Pure Evil (an example of  Pure Evil’s work is shown in fig. 10) – graffiti artist and commercial artist during a blog discussion on his website:

‘I think graffiti/street art is taken off the streets it just becomes art. The artists who have all been successful in galleries and auction houses are the ones who have been able to make the transition in their work to fit the new environment. Essentially the art they do in the gallery is a souvenir of their work on the street. They have to start thinking inside the box (the rectangle or square canvas/white cube) and work changes its impact because it has been isolated from the street and taken indoors, like a fragment of the moon that has been brought into the laboratory.’

Fig. 10. Pure Evil – Guernica 2007

Graffiti artist Grafter (an example of Grafter’s work shown in fig. 11) believes that:

‘Most artists usually acknowledge the difference between their street work and their studio work. By its very nature street work has to be done within certain time constraint and therefore tends to be more exciting rawness to the execution. Work that is intended, to be sold can be prepared and executed in a much more clean and defined way, and the artist can of course take as much time to complete it as they wish. I always see the canvas/ print version of a piece as a sanitised, clean version of the original street piece.’

‘For sheer excitement and value from a piece you can’t beat the street version, and the wall/street furniture that it’s done on also adds to the overall appearance and make it much more of an event. For an example of the artists technique, skill, and vision then the studio version is often technically better.’

(Grafter, 2008)

Fig. 11

My feelings are that if graffiti art, whether it be an illegal piece in our environment that makes you stop and captures your attention whilst wandering through a city, a piece on a gallery wall, hung in a private collection or just in your home – if it evokes deep emotion, speaks to you, provokes the imagination, and provides you with a perceptual experience, the argument for placing it into an art ‘type’ is yours entirely. In the flux of the moment the class in which you place graffiti is a personal choice and the taxonomy can be argued. I personally love the originals in the urban environment teamed with street furniture and merged into our everyday life, they make me stop and take stock of the surrounding environment and the society in which I exist. To me, it is refreshing to recognise a piece of work by an artist and appreciate an image that is created purely because the artist wanted to create and has no financial attachments. I do have several pieces, which I treasure in my home – to me they are souvenirs of the deeper message and spirit/passion of the original street version.

Fig 1: Lascaux Caves in France –

Fig 2:
i. Political graffiti at Pompeii –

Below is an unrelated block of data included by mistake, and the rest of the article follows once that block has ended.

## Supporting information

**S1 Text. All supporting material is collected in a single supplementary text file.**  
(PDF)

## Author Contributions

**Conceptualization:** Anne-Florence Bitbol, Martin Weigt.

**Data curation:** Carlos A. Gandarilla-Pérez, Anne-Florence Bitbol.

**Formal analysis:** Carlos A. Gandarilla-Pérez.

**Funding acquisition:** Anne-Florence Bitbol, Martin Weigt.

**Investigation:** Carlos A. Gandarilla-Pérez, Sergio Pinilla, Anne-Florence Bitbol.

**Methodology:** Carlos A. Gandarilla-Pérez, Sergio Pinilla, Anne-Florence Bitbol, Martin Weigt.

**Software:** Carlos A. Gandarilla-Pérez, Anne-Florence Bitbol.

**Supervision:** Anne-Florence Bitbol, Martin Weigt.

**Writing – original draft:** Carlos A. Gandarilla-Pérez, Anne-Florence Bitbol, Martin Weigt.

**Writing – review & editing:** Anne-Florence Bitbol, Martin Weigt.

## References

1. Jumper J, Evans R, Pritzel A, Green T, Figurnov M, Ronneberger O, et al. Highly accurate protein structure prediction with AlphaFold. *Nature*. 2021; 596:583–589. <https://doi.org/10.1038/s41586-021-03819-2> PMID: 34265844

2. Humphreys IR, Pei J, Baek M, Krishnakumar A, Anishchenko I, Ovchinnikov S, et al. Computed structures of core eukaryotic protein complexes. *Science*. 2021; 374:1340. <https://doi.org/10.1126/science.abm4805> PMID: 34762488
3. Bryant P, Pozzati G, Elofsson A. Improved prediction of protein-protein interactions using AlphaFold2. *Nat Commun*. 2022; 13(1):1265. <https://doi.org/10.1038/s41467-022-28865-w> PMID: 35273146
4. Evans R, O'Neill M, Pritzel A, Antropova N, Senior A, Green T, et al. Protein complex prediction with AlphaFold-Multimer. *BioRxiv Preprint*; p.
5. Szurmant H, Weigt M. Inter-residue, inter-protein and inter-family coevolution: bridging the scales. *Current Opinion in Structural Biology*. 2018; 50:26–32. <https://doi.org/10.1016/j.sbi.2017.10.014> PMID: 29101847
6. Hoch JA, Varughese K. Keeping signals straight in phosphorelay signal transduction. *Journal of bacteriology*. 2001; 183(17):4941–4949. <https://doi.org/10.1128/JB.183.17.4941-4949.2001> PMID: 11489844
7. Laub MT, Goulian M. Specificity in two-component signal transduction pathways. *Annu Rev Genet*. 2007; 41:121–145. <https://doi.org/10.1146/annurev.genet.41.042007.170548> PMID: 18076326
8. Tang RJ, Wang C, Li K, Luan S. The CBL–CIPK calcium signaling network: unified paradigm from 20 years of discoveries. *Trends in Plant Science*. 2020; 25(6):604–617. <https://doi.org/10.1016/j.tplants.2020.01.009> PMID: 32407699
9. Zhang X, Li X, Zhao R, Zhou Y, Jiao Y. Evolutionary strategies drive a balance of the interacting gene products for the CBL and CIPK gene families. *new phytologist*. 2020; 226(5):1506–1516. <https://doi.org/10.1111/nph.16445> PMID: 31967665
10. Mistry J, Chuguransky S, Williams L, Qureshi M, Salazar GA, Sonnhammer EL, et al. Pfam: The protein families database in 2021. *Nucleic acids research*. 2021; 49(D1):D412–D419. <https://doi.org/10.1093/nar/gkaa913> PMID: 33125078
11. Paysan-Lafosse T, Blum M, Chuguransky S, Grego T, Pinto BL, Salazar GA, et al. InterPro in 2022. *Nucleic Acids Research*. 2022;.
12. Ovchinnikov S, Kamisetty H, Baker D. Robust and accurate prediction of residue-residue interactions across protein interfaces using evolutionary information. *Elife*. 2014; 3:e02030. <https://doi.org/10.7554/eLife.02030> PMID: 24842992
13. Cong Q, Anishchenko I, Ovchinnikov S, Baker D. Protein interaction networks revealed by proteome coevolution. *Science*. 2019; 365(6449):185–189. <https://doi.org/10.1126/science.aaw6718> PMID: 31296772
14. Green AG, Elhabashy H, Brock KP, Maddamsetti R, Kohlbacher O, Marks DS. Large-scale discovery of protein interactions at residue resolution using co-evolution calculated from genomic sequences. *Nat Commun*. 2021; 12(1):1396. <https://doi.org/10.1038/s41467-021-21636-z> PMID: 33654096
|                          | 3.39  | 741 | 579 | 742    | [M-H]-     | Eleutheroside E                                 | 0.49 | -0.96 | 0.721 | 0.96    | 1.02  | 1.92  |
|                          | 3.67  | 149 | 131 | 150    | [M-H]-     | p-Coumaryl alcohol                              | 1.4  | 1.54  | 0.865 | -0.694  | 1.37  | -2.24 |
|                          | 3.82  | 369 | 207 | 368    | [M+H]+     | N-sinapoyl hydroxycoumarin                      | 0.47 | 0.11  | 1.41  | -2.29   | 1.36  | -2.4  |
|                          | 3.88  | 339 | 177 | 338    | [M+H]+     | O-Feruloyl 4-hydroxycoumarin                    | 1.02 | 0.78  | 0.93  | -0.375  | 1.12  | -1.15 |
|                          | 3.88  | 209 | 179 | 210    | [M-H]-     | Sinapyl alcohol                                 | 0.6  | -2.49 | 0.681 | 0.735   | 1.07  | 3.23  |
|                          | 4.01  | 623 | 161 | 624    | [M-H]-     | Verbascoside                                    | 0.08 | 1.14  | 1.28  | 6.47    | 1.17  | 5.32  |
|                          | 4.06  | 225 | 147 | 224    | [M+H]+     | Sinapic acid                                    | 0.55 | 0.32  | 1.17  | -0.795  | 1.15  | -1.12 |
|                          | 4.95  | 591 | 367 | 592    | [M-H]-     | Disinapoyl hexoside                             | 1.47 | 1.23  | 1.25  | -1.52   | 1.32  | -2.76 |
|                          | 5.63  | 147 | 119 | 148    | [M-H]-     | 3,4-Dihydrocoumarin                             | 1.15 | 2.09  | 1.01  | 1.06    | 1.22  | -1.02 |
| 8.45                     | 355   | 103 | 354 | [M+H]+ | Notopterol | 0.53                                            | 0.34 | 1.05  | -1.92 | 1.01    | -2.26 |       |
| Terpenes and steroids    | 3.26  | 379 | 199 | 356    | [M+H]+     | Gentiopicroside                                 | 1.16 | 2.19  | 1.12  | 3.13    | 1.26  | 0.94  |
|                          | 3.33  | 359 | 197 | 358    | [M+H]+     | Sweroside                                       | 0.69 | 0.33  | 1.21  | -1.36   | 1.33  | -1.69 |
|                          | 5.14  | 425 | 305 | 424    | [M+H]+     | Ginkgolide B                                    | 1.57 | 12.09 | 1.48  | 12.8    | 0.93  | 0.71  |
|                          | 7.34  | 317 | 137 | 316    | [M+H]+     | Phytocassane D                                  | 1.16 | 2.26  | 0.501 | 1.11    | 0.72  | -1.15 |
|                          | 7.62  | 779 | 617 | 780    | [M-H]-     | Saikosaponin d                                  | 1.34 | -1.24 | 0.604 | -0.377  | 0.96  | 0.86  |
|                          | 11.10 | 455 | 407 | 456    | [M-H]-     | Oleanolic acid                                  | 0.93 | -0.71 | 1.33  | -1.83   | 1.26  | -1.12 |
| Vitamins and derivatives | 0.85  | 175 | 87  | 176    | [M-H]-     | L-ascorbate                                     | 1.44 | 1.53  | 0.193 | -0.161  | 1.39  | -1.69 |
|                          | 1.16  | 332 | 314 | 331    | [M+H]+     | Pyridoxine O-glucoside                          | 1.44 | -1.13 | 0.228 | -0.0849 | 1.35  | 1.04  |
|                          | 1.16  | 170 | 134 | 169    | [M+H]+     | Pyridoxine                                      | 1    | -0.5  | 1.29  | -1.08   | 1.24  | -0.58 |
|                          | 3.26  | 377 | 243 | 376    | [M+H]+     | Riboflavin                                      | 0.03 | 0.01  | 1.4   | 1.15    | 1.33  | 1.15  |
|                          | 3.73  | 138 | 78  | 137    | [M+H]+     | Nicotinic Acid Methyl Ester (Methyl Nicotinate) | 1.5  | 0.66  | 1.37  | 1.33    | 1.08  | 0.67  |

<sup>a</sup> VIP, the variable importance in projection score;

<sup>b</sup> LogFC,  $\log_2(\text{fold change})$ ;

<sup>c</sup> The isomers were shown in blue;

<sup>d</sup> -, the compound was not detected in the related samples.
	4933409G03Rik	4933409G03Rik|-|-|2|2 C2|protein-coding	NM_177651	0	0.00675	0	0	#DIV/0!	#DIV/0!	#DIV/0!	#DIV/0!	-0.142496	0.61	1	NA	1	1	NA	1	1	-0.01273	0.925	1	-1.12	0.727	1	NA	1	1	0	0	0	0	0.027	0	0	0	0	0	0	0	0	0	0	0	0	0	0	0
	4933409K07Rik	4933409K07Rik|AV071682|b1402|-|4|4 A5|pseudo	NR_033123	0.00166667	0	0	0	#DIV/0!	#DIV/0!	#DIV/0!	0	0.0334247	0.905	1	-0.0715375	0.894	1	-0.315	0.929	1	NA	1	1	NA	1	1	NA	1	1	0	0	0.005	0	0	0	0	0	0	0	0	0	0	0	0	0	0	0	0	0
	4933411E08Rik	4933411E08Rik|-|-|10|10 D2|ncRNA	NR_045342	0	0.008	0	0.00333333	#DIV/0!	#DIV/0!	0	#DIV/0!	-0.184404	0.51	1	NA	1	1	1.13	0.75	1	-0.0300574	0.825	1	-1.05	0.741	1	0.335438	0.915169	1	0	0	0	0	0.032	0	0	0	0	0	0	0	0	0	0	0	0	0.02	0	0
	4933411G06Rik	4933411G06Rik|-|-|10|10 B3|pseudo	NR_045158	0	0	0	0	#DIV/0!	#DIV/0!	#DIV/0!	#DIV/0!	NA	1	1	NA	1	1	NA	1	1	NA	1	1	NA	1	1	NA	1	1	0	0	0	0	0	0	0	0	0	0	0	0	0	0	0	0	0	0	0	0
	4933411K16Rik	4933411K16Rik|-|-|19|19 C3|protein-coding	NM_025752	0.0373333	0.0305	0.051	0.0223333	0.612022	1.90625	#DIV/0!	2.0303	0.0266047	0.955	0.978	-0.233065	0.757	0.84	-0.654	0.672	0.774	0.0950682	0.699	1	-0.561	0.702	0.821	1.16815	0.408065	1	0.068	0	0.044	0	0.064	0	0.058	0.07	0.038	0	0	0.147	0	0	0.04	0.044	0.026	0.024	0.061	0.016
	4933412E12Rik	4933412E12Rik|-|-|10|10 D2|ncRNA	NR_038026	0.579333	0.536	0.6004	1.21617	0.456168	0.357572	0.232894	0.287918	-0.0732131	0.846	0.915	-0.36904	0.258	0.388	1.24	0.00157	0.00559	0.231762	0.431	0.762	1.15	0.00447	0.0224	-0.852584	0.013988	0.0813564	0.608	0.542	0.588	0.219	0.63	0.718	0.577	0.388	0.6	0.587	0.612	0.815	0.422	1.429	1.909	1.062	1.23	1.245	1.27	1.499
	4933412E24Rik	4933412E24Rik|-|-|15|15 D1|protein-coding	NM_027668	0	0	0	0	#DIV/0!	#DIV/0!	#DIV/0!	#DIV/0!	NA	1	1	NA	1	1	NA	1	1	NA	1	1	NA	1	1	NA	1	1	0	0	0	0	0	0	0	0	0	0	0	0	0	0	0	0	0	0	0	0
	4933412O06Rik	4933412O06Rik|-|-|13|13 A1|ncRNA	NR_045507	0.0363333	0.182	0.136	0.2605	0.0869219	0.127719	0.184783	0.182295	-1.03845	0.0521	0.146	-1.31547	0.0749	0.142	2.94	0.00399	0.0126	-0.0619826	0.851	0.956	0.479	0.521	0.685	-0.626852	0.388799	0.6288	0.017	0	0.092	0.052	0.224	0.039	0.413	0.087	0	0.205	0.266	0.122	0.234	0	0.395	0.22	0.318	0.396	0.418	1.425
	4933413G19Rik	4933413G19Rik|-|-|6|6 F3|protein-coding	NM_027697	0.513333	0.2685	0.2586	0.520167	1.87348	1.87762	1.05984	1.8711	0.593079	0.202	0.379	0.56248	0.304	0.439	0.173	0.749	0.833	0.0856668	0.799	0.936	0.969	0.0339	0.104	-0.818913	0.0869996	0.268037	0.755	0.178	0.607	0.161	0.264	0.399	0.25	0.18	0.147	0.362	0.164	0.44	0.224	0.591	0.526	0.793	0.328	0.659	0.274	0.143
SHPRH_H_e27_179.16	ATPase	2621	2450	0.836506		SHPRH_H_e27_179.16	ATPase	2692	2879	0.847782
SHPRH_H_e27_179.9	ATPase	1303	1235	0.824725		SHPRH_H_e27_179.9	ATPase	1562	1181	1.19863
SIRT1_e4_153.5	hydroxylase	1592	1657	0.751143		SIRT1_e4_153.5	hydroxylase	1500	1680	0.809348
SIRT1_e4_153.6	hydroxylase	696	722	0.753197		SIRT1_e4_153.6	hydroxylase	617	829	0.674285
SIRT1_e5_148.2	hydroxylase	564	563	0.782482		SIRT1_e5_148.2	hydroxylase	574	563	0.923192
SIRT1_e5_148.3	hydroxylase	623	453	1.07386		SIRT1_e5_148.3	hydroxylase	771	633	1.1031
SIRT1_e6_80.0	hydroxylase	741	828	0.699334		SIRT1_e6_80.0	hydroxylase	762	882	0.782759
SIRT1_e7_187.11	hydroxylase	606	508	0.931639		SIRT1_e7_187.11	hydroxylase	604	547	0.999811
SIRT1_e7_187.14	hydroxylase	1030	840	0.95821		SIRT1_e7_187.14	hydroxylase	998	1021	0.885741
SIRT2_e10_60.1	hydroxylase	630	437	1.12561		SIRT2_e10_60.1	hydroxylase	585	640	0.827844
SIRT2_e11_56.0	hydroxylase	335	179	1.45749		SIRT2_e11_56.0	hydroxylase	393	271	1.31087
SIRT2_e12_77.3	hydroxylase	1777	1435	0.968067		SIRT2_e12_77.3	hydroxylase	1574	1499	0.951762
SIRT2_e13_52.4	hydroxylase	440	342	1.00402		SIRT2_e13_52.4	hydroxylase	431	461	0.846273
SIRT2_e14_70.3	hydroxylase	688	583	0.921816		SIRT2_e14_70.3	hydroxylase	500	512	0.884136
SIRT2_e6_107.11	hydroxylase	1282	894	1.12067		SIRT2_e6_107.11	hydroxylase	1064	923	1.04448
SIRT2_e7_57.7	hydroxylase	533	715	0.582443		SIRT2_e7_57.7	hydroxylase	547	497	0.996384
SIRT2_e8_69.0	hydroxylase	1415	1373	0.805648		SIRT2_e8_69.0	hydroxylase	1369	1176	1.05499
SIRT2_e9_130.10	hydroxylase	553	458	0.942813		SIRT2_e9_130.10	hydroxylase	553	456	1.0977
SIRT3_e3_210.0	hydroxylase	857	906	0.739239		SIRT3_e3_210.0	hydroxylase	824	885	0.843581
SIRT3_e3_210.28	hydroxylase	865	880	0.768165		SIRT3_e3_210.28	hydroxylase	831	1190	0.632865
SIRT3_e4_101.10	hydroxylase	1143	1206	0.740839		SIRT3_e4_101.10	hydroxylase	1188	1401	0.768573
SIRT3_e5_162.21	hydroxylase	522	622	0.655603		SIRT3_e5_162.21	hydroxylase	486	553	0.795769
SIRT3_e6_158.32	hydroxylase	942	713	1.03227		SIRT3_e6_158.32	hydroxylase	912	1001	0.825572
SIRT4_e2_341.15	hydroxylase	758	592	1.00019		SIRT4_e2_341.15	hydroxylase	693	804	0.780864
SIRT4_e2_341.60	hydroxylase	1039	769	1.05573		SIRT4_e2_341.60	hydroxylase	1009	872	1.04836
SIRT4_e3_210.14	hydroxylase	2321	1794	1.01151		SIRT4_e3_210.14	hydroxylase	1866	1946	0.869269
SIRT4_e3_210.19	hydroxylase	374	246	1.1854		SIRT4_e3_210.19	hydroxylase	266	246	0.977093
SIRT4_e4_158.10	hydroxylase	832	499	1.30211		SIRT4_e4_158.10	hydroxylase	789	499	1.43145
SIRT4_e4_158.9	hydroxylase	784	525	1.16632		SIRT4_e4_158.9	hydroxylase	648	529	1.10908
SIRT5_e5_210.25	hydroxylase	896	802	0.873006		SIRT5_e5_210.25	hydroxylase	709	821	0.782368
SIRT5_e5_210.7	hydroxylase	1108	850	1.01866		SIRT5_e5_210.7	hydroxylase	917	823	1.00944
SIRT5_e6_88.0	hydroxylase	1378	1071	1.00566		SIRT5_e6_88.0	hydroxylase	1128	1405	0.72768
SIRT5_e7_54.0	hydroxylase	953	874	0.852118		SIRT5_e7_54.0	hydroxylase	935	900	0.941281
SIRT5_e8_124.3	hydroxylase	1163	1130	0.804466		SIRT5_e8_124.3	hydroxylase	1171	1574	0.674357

ii.  Graffiti politique de Pompei –
iii. Second century pagan graffito depicting a man worshipping a crucified donkey. –

Fig 3: Members of White Rose Resistance –
ii.  Monument to the White Rose Resistance Movement –

Fig 4: Keith Haring – Subway art utilizing disused billboards. –

Fig 5: Keith Haring – Ignorance = Fear, 1989 –

Fig 6:  Jean-Michel Basquait –

Fig 7: Banksy 2005 Art Instillation –

Fig 8:
i. ‘Terror Alert’
ii.  ‘Spare some Change’.

Fig. 9: Replete – When Autumn Leaves… (Start To Fall) –           

Fig 10: Pure Evil – Guernica 2007

Fig. 11: Grafter


  • John Berger (1972) Ways of Seeing – Penguin Books Ltd. 80 Strand, London WC2R 0RL, England
  • Slinkachu (2008) Little People in the City: The Street Art of Slinkachu – Boxtree/ Pan Macmillian Ltd. Pan Macmillan, 20 New Wharf Rd. London N1 9RR Basingstoke and Oxford
  • Nicholas Ganz, edited by Tristan Manco (2004) Graffiti Art: Street Art from Five Continents – Thames and Hudson Ltd. 181A High Holborn, London WC1V 7QX
  • Ellen Lupton and Abbott Miller (1999) Design Writing Research: Writing on Graphic Design – Phaidon Press Ltd. Regent’s Wharf, All Saints street, London N1 9PA
  • Marc Gundel (2002) Haring Posters: Short Messages – Prestel, 4 Bloomsbury Place, London WC1A 2QA
  • Germano Celant – Editor (1997) Keith Haring – Prestel-Verlag, Mandlstrasse 26 . D-80802 Munich, Germany
  • Roger Gastman (2004) Enamelized: Graffiti Wordwide – Gingko Press / R77, R77 Publishing, PO Box 34843 Bethesda, MD, 208227 USA
  • Tristan Manco (2004) Street Logos – Thames and Hudson Ltd. 181A High Holborn, London WC1V 7QX
  • Edited by Jessica Evans and Stuart Hall (1999) Visual Culture: A Reader – SAGE Publications Ltd. 1 Oliver’s Yard, 55 City Road, London EC1Y 1SP

Journals, Publications & Magazines

  • The International Graffiti Writers Publication (Issue 52) Graphotism – Graphotism Headquaters, Graphotism House, Hackbridge Station, London Rd. Wallington, Surrey SM6 7BJ

Websites: All Site Accessed December 2008